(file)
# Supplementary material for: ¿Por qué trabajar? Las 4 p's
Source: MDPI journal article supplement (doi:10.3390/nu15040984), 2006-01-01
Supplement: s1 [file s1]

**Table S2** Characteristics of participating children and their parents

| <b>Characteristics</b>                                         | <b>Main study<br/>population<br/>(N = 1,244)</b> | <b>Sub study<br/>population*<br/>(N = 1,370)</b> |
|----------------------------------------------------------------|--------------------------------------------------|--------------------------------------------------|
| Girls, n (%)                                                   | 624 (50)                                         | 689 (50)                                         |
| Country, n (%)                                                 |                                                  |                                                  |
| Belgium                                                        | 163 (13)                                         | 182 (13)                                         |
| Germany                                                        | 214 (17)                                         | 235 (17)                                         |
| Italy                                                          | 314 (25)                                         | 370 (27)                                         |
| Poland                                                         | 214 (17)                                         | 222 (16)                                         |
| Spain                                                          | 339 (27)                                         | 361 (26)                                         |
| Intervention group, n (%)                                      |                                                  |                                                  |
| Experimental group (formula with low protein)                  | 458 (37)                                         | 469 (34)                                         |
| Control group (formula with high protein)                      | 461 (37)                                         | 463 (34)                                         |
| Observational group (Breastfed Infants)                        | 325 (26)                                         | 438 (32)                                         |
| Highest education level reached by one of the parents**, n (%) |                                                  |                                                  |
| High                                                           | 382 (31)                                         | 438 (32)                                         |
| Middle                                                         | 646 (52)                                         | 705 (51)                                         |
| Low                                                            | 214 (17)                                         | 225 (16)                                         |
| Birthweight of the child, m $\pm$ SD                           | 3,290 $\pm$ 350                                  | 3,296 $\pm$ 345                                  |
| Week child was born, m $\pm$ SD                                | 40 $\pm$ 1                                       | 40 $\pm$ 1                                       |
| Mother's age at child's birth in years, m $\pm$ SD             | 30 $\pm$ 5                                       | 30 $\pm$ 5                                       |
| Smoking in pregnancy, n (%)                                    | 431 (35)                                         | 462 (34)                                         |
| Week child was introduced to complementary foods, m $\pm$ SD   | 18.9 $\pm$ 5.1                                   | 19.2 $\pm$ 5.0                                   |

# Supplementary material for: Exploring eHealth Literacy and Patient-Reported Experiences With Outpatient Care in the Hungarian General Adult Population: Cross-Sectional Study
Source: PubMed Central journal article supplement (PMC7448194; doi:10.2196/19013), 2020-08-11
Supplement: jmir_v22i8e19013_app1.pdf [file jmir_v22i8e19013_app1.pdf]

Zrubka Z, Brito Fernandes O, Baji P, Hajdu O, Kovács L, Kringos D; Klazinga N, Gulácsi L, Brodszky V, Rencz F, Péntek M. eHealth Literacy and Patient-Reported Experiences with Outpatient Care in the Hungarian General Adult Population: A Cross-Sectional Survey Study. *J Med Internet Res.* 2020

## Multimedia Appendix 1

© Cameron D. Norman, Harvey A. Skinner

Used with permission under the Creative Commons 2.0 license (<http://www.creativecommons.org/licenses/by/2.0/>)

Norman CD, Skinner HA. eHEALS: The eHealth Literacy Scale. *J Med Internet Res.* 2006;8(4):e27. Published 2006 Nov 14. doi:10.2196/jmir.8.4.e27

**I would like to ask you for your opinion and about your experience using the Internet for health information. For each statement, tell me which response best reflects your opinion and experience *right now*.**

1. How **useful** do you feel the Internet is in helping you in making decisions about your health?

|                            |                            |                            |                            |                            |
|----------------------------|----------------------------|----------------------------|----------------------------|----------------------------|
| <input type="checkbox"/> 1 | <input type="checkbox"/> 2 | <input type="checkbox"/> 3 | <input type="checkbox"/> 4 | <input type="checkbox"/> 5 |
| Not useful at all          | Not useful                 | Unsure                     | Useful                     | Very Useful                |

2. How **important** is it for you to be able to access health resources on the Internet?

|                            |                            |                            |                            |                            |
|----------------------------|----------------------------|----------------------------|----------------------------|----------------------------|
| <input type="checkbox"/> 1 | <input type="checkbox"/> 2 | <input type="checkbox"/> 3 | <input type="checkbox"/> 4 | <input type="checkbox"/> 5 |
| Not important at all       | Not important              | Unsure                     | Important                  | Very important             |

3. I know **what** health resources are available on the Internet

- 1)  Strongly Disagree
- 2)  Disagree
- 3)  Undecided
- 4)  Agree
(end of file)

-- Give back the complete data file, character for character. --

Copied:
# Supplementary material for: ¿Por qué trabajar? Las 4 p's
Source: MDPI journal article supplement (doi:10.3390/nu15040984), 2006-01-01
Supplement: s1 [file s1]

**Table S2** Characteristics of participating children and their parents

| <b>Characteristics</b>                                         | <b>Main study<br/>population<br/>(N = 1,244)</b> | <b>Sub study<br/>population*<br/>(N = 1,370)</b> |
|----------------------------------------------------------------|--------------------------------------------------|--------------------------------------------------|
| Girls, n (%)                                                   | 624 (50)                                         | 689 (50)                                         |
| Country, n (%)                                                 |                                                  |                                                  |
| Belgium                                                        | 163 (13)                                         | 182 (13)                                         |
| Germany                                                        | 214 (17)                                         | 235 (17)                                         |
| Italy                                                          | 314 (25)                                         | 370 (27)                                         |
| Poland                                                         | 214 (17)                                         | 222 (16)                                         |
| Spain                                                          | 339 (27)                                         | 361 (26)                                         |
| Intervention group, n (%)                                      |                                                  |                                                  |
| Experimental group (formula with low protein)                  | 458 (37)                                         | 469 (34)                                         |
| Control group (formula with high protein)                      | 461 (37)                                         | 463 (34)                                         |
| Observational group (Breastfed Infants)                        | 325 (26)                                         | 438 (32)                                         |
| Highest education level reached by one of the parents**, n (%) |                                                  |                                                  |
| High                                                           | 382 (31)                                         | 438 (32)                                         |
| Middle                                                         | 646 (52)                                         | 705 (51)                                         |
| Low                                                            | 214 (17)                                         | 225 (16)                                         |
| Birthweight of the child, m $\pm$ SD                           | 3,290 $\pm$ 350                                  | 3,296 $\pm$ 345                                  |
| Week child was born, m $\pm$ SD                                | 40 $\pm$ 1                                       | 40 $\pm$ 1                                       |
| Mother's age at child's birth in years, m $\pm$ SD             | 30 $\pm$ 5                                       | 30 $\pm$ 5                                       |
| Smoking in pregnancy, n (%)                                    | 431 (35)                                         | 462 (34)                                         |
| Week child was introduced to complementary foods, m $\pm$ SD   | 18.9 $\pm$ 5.1                                   | 19.2 $\pm$ 5.0                                   |

# Supplementary material for: Exploring eHealth Literacy and Patient-Reported Experiences With Outpatient Care in the Hungarian General Adult Population: Cross-Sectional Study
Source: PubMed Central journal article supplement (PMC7448194; doi:10.2196/19013), 2020-08-11
Supplement: jmir_v22i8e19013_app1.pdf [file jmir_v22i8e19013_app1.pdf]

Zrubka Z, Brito Fernandes O, Baji P, Hajdu O, Kovács L, Kringos D; Klazinga N, Gulácsi L, Brodszky V, Rencz F, Péntek M. eHealth Literacy and Patient-Reported Experiences with Outpatient Care in the Hungarian General Adult Population: A Cross-Sectional Survey Study. *J Med Internet Res.* 2020

## Multimedia Appendix 1

© Cameron D. Norman, Harvey A. Skinner

Used with permission under the Creative Commons 2.0 license (<http://www.creativecommons.org/licenses/by/2.0/>)

Norman CD, Skinner HA. eHEALS: The eHealth Literacy Scale. *J Med Internet Res.* 2006;8(4):e27. Published 2006 Nov 14. doi:10.2196/jmir.8.4.e27

**I would like to ask you for your opinion and about your experience using the Internet for health information. For each statement, tell me which response best reflects your opinion and experience *right now*.**

1. How **useful** do you feel the Internet is in helping you in making decisions about your health?

|                            |                            |                            |                            |                            |
|----------------------------|----------------------------|----------------------------|----------------------------|----------------------------|
| <input type="checkbox"/> 1 | <input type="checkbox"/> 2 | <input type="checkbox"/> 3 | <input type="checkbox"/> 4 | <input type="checkbox"/> 5 |
| Not useful at all          | Not useful                 | Unsure                     | Useful                     | Very Useful                |

2. How **important** is it for you to be able to access health resources on the Internet?

|                            |                            |                            |                            |                            |
|----------------------------|----------------------------|----------------------------|----------------------------|----------------------------|
| <input type="checkbox"/> 1 | <input type="checkbox"/> 2 | <input type="checkbox"/> 3 | <input type="checkbox"/> 4 | <input type="checkbox"/> 5 |
| Not important at all       | Not important              | Unsure                     | Important                  | Very important             |

3. I know **what** health resources are available on the Internet

- 1)  Strongly Disagree
- 2)  Disagree
- 3)  Undecided
- 4)  Agree